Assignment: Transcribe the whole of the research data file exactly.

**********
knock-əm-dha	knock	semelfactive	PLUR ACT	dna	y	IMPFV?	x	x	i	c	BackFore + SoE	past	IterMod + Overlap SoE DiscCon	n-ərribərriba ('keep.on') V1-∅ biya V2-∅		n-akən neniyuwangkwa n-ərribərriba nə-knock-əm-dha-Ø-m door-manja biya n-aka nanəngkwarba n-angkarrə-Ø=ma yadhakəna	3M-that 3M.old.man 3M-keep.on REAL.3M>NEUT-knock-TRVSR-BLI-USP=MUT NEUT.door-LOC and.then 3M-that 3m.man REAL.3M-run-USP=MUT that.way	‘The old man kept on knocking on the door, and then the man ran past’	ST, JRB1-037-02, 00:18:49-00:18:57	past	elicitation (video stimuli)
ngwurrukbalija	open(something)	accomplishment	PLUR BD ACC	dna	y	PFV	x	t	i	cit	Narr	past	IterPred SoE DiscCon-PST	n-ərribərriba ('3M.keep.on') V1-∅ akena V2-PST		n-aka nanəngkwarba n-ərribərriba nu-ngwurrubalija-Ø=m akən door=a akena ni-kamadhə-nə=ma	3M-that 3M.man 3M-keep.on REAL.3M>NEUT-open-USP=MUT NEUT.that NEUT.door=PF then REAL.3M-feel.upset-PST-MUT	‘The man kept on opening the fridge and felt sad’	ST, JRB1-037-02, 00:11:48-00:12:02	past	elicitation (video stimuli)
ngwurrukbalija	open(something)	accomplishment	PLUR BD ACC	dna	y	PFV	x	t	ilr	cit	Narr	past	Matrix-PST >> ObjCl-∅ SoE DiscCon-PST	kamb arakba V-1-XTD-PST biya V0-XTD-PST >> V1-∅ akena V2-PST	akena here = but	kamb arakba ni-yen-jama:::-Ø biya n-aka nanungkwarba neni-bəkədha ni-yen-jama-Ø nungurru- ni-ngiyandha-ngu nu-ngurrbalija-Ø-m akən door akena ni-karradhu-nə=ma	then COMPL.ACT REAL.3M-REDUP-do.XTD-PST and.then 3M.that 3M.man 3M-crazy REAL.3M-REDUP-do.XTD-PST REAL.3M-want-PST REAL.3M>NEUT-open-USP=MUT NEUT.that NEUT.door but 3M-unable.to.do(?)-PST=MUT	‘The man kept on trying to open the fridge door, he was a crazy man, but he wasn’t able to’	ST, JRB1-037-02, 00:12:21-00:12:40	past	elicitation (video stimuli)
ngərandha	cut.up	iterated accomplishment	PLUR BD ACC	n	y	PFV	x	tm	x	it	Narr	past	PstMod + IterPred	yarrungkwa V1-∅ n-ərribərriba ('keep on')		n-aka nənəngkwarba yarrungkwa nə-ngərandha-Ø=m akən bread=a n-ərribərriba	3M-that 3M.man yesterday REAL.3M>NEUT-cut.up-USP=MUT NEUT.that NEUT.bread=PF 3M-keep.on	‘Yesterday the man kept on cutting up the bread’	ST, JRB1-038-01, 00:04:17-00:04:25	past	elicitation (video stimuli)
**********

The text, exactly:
knock-əm-dha	knock	semelfactive	PLUR ACT	dna	y	IMPFV?	x	x	i	c	BackFore + SoE	past	IterMod + Overlap SoE DiscCon	n-ərribərriba ('keep.on') V1-∅ biya V2-∅		n-akən neniyuwangkwa n-ərribərriba nə-knock-əm-dha-Ø-m door-manja biya n-aka nanəngkwarba n-angkarrə-Ø=ma yadhakəna	3M-that 3M.old.man 3M-keep.on REAL.3M>NEUT-knock-TRVSR-BLI-USP=MUT NEUT.door-LOC and.then 3M-that 3m.man REAL.3M-run-USP=MUT that.way	‘The old man kept on knocking on the door, and then the man ran past’	ST, JRB1-037-02, 00:18:49-00:18:57	past	elicitation (video stimuli)
ngwurrukbalija	open(something)	accomplishment	PLUR BD ACC	dna	y	PFV	x	t	i	cit	Narr	past	IterPred SoE DiscCon-PST	n-ərribərriba ('3M.keep.on') V1-∅ akena V2-PST		n-aka nanəngkwarba n-ərribərriba nu-ngwurrubalija-Ø=m akən door=a akena ni-kamadhə-nə=ma	3M-that 3M.man 3M-keep.on REAL.3M>NEUT-open-USP=MUT NEUT.that NEUT.door=PF then REAL.3M-feel.upset-PST-MUT	‘The man kept on opening the fridge and felt sad’	ST, JRB1-037-02, 00:11:48-00:12:02	past	elicitation (video stimuli)
ngwurrukbalija	open(something)	accomplishment	PLUR BD ACC	dna	y	PFV	x	t	ilr	cit	Narr	past	Matrix-PST >> ObjCl-∅ SoE DiscCon-PST	kamb arakba V-1-XTD-PST biya V0-XTD-PST >> V1-∅ akena V2-PST	akena here = but	kamb arakba ni-yen-jama:::-Ø biya n-aka nanungkwarba neni-bəkədha ni-yen-jama-Ø nungurru- ni-ngiyandha-ngu nu-ngurrbalija-Ø-m akən door akena ni-karradhu-nə=ma	then COMPL.ACT REAL.3M-REDUP-do.XTD-PST and.then 3M.that 3M.man 3M-crazy REAL.3M-REDUP-do.XTD-PST REAL.3M-want-PST REAL.3M>NEUT-open-USP=MUT NEUT.that NEUT.door but 3M-unable.to.do(?)-PST=MUT	‘The man kept on trying to open the fridge door, he was a crazy man, but he wasn’t able to’	ST, JRB1-037-02, 00:12:21-00:12:40	past	elicitation (video stimuli)
ngərandha	cut.up	iterated accomplishment	PLUR BD ACC	n	y	PFV	x	tm	x	it	Narr	past	PstMod + IterPred	yarrungkwa V1-∅ n-ərribərriba ('keep on')		n-aka nənəngkwarba yarrungkwa nə-ngərandha-Ø=m akən bread=a n-ərribərriba	3M-that 3M.man yesterday REAL.3M>NEUT-cut.up-USP=MUT NEUT.that NEUT.bread=PF 3M-keep.on	‘Yesterday the man kept on cutting up the bread’	ST, JRB1-038-01, 00:04:17-00:04:25	past	elicitation (video stimuli)